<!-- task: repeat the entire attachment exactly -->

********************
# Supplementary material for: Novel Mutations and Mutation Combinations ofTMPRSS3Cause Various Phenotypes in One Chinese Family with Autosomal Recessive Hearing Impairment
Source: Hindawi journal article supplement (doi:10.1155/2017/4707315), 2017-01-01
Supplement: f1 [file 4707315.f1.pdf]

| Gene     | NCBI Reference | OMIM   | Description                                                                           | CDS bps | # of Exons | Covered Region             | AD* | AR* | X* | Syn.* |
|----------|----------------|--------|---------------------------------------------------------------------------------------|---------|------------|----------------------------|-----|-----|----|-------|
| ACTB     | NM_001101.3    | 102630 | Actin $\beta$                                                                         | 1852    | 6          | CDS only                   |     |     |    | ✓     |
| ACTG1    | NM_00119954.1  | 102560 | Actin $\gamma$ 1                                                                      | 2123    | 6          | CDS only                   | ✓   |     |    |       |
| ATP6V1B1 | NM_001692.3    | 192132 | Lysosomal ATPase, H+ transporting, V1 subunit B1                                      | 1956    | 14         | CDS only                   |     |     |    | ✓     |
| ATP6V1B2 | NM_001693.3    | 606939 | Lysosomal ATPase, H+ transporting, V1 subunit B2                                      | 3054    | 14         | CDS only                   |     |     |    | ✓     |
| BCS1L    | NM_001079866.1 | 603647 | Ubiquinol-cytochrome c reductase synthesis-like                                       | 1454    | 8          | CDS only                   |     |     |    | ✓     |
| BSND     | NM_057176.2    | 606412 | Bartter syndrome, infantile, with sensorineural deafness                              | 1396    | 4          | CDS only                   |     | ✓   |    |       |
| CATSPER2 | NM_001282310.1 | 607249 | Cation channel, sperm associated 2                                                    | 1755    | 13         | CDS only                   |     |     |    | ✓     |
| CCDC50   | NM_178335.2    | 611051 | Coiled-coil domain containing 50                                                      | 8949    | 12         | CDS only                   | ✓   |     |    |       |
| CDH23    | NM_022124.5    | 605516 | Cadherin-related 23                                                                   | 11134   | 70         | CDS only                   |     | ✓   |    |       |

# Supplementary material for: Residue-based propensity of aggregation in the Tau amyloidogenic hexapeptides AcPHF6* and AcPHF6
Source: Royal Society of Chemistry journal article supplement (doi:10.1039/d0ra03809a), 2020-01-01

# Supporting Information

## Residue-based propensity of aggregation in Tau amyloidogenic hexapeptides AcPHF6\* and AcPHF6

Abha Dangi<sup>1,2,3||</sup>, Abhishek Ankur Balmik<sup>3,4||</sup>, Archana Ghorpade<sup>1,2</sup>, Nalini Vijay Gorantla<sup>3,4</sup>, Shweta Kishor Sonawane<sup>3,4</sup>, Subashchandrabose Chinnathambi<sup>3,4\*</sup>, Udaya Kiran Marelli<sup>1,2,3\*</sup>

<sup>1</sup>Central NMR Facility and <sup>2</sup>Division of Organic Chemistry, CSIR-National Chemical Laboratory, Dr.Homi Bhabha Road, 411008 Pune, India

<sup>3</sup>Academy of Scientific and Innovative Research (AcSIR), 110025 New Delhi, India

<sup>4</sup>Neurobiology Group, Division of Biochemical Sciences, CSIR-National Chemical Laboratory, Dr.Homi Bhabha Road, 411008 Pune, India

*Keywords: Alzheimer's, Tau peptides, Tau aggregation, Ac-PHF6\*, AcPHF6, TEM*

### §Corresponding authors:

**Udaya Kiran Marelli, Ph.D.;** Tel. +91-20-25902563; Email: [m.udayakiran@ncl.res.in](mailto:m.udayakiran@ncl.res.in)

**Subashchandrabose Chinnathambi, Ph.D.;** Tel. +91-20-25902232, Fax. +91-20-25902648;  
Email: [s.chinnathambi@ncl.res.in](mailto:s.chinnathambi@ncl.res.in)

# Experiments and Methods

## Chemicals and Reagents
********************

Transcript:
# Supplementary material for: Novel Mutations and Mutation Combinations ofTMPRSS3Cause Various Phenotypes in One Chinese Family with Autosomal Recessive Hearing Impairment
Source: Hindawi journal article supplement (doi:10.1155/2017/4707315), 2017-01-01
Supplement: f1 [file 4707315.f1.pdf]

| Gene     | NCBI Reference | OMIM   | Description                                                                           | CDS bps | # of Exons | Covered Region             | AD* | AR* | X* | Syn.* |
|----------|----------------|--------|---------------------------------------------------------------------------------------|---------|------------|----------------------------|-----|-----|----|-------|
| ACTB     | NM_001101.3    | 102630 | Actin $\beta$                                                                         | 1852    | 6          | CDS only                   |     |     |    | ✓     |
| ACTG1    | NM_00119954.1  | 102560 | Actin $\gamma$ 1                                                                      | 2123    | 6          | CDS only                   | ✓   |     |    |       |
| ATP6V1B1 | NM_001692.3    | 192132 | Lysosomal ATPase, H+ transporting, V1 subunit B1                                      | 1956    | 14         | CDS only                   |     |     |    | ✓     |
| ATP6V1B2 | NM_001693.3    | 606939 | Lysosomal ATPase, H+ transporting, V1 subunit B2                                      | 3054    | 14         | CDS only                   |     |     |    | ✓     |
| BCS1L    | NM_001079866.1 | 603647 | Ubiquinol-cytochrome c reductase synthesis-like                                       | 1454    | 8          | CDS only                   |     |     |    | ✓     |
| BSND     | NM_057176.2    | 606412 | Bartter syndrome, infantile, with sensorineural deafness                              | 1396    | 4          | CDS only                   |     | ✓   |    |       |
| CATSPER2 | NM_001282310.1 | 607249 | Cation channel, sperm associated 2                                                    | 1755    | 13         | CDS only                   |     |     |    | ✓     |
| CCDC50   | NM_178335.2    | 611051 | Coiled-coil domain containing 50                                                      | 8949    | 12         | CDS only                   | ✓   |     |    |       |
| CDH23    | NM_022124.5    | 605516 | Cadherin-related 23                                                                   | 11134   | 70         | CDS only                   |     | ✓   |    |       |

# Supplementary material for: Residue-based propensity of aggregation in the Tau amyloidogenic hexapeptides AcPHF6* and AcPHF6
Source: Royal Society of Chemistry journal article supplement (doi:10.1039/d0ra03809a), 2020-01-01

# Supporting Information

## Residue-based propensity of aggregation in Tau amyloidogenic hexapeptides AcPHF6\* and AcPHF6

Abha Dangi<sup>1,2,3||</sup>, Abhishek Ankur Balmik<sup>3,4||</sup>, Archana Ghorpade<sup>1,2</sup>, Nalini Vijay Gorantla<sup>3,4</sup>, Shweta Kishor Sonawane<sup>3,4</sup>, Subashchandrabose Chinnathambi<sup>3,4\*</sup>, Udaya Kiran Marelli<sup>1,2,3\*</sup>

<sup>1</sup>Central NMR Facility and <sup>2</sup>Division of Organic Chemistry, CSIR-National Chemical Laboratory, Dr.Homi Bhabha Road, 411008 Pune, India

<sup>3</sup>Academy of Scientific and Innovative Research (AcSIR), 110025 New Delhi, India

<sup>4</sup>Neurobiology Group, Division of Biochemical Sciences, CSIR-National Chemical Laboratory, Dr.Homi Bhabha Road, 411008 Pune, India

*Keywords: Alzheimer's, Tau peptides, Tau aggregation, Ac-PHF6\*, AcPHF6, TEM*

### §Corresponding authors:

**Udaya Kiran Marelli, Ph.D.;** Tel. +91-20-25902563; Email: [m.udayakiran@ncl.res.in](mailto:m.udayakiran@ncl.res.in)

**Subashchandrabose Chinnathambi, Ph.D.;** Tel. +91-20-25902232, Fax. +91-20-25902648;  
Email: [s.chinnathambi@ncl.res.in](mailto:s.chinnathambi@ncl.res.in)

# Experiments and Methods

## Chemicals and Reagents